Python Annotations

One of the most annoying (lack-of, in my opinion) features of Python is it’s dynamic typing. While this is wonderful for quick and dirty things that you don’t want to write lots of code for, it fails pretty much horrifically for large, production-scale code. As I had the opportunity to experience during the summer, when dealing with a project of several thousand interleaving lines of Python, no one can help you figure out what the arguments to a function should actually be (except for docstrings and humans, mostly yourself).

That’s a lot of thinking and storage of data in my head which I think is unnecessary, time-wasting, and potentially dangerous (even good code coverage with tests can still allow a slim corner case to occur and the lack of strong compile-time checks for silly things like type checking keeps me up at night). So when I came across a blog post today on Python type annotations, that sounded just wonderful (how did I miss this before?!). However, after reading more about it, it seems like Python doesn’t go very far to actually do anything with these annotations, especially at compile-time, so you’re left to do the grunt work yourself. But that’s fine! It’s better than nothing.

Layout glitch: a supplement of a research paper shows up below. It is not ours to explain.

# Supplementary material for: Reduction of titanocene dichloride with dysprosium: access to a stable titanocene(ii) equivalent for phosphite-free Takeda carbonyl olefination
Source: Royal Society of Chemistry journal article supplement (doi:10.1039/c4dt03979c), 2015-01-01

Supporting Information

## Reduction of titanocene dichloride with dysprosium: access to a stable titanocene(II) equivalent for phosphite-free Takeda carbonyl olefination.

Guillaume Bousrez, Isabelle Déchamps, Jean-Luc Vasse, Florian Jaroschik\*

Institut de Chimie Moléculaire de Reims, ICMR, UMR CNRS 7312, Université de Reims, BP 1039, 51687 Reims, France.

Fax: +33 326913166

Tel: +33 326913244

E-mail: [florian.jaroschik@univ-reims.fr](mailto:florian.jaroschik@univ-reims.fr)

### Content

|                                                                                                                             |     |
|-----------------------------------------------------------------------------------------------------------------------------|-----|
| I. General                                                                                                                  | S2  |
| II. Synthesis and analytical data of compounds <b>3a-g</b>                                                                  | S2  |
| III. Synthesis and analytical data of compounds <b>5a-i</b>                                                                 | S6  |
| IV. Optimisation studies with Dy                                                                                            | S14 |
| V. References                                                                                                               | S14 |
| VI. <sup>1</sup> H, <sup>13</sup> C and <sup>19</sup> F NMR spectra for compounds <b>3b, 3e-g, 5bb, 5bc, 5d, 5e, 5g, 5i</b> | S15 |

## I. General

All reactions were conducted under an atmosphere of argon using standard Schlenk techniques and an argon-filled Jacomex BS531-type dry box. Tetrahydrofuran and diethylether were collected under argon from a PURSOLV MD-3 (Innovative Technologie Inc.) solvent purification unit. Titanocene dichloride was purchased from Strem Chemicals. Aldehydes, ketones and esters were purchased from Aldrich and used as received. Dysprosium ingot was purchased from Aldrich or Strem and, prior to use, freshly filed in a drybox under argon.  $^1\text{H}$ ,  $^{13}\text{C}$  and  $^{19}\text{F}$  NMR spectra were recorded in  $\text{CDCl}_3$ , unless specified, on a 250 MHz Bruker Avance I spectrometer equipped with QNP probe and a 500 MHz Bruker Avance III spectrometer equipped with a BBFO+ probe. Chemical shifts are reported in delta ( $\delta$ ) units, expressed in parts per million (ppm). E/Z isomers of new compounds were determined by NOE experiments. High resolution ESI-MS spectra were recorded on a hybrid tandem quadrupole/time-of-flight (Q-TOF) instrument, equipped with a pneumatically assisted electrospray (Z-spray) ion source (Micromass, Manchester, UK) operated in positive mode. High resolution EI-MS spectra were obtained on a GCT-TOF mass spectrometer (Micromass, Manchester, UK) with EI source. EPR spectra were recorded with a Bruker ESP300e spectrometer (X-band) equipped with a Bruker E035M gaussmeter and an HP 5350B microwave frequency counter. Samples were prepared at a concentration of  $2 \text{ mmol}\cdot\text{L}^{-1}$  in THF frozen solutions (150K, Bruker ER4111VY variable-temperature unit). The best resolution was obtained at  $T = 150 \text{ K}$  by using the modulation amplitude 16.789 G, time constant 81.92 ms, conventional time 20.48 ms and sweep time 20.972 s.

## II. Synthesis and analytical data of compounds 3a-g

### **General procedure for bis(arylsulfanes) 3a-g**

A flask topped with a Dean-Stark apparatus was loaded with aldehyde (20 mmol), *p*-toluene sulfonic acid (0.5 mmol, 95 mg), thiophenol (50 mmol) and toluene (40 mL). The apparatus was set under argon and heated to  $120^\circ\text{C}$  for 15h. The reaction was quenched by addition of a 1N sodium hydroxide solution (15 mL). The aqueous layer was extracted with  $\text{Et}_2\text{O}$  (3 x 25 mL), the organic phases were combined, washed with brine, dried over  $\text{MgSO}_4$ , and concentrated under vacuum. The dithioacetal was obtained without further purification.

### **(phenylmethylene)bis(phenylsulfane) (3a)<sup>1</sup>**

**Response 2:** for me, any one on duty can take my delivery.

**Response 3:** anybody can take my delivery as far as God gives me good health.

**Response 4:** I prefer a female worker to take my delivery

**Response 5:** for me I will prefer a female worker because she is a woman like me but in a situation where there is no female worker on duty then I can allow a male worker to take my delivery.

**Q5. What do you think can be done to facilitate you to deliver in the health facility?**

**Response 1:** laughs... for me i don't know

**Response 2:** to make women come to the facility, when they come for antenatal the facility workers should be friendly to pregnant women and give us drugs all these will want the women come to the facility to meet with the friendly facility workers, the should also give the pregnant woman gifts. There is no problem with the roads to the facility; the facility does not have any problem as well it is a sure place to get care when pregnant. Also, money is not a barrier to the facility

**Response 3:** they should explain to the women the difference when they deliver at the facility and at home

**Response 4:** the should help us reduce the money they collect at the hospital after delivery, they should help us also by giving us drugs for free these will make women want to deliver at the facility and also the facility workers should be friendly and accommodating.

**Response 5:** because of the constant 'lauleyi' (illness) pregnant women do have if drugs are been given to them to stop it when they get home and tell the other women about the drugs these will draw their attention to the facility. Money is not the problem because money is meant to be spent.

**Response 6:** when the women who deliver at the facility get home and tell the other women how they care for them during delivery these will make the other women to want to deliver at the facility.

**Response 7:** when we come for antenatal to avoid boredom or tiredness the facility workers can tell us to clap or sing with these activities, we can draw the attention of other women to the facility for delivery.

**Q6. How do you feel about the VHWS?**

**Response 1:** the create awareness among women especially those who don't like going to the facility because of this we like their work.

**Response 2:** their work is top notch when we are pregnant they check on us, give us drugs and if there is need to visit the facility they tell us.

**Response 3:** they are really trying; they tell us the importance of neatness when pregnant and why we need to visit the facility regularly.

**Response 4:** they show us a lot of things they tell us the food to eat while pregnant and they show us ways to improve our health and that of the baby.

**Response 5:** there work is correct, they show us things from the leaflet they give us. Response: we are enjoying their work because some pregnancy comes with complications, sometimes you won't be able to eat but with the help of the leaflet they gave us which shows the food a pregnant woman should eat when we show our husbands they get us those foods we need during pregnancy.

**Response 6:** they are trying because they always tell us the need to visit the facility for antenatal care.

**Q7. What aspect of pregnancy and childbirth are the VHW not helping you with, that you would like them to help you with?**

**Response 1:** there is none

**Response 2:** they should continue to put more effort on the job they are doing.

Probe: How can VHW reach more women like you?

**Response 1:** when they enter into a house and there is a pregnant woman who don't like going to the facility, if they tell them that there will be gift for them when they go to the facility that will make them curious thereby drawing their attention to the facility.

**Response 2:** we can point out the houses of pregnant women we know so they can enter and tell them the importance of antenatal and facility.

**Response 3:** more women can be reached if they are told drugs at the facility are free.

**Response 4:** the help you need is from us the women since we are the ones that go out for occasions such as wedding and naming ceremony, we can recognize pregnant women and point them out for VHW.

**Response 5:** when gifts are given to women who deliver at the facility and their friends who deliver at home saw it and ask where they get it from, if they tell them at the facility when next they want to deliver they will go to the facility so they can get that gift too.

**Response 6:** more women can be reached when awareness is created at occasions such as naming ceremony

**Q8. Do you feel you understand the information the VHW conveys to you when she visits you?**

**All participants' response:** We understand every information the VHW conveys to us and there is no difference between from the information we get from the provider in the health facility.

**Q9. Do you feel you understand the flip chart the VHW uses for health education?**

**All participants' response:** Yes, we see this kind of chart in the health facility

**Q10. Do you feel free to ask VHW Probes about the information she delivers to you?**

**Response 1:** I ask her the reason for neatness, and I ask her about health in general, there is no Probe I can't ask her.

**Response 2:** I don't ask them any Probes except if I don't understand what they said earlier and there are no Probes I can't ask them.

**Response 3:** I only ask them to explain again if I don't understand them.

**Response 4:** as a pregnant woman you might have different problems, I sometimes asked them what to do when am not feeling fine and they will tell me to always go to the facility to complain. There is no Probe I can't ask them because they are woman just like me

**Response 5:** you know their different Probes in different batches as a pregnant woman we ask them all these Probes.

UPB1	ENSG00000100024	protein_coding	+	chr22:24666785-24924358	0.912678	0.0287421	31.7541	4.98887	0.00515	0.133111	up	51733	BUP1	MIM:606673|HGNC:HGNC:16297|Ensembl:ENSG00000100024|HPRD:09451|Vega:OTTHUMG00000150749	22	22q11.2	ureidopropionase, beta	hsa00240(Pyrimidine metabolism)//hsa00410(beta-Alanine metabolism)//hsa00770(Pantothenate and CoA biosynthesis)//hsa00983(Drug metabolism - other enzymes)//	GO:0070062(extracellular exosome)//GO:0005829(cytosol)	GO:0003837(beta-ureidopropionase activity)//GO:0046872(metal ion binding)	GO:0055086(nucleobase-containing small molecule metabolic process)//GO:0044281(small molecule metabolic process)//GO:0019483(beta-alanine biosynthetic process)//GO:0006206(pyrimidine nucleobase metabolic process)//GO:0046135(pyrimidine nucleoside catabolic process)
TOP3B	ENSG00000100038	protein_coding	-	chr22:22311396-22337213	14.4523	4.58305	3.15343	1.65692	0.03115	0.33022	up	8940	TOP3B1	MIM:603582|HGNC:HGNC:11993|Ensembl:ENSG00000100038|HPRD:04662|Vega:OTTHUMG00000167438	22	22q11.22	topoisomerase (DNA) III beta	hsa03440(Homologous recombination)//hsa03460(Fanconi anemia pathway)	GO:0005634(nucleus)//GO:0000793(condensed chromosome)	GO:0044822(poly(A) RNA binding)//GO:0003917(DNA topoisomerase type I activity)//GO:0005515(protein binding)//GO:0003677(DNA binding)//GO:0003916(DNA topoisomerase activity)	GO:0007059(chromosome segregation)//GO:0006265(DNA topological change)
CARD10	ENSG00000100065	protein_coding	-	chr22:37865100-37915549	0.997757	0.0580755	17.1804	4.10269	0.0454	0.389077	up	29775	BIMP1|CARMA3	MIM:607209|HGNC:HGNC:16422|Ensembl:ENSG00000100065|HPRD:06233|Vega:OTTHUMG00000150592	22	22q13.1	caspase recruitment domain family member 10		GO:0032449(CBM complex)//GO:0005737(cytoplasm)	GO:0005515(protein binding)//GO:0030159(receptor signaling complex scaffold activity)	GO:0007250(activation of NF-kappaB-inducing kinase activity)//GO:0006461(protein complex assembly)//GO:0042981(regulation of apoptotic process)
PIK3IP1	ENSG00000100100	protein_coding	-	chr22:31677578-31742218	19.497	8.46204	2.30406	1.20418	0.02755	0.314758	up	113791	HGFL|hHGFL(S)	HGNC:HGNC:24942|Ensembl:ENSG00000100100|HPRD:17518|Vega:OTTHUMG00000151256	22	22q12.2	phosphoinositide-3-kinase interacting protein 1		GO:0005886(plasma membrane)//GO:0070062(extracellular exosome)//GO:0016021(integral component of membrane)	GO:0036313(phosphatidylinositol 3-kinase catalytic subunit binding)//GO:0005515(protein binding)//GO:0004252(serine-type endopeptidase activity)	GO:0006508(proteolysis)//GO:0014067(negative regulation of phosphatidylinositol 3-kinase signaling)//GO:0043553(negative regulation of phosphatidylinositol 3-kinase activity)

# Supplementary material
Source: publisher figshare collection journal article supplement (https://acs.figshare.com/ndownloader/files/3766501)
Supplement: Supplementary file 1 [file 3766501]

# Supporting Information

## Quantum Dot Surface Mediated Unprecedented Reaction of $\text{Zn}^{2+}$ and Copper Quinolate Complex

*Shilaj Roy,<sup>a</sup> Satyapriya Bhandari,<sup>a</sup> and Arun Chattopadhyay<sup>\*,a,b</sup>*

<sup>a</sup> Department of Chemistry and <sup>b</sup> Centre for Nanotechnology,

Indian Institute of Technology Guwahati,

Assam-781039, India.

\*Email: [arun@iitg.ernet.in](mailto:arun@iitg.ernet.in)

The link to the blog post and the author’s preliminary implementation of the actual checking (done reasonably elegantly during decorators, which is as good as I guess we can hope for in Python) are below:

A powerful unused feature of Python: function annotation

GitHub implementation of the @typechecked decorator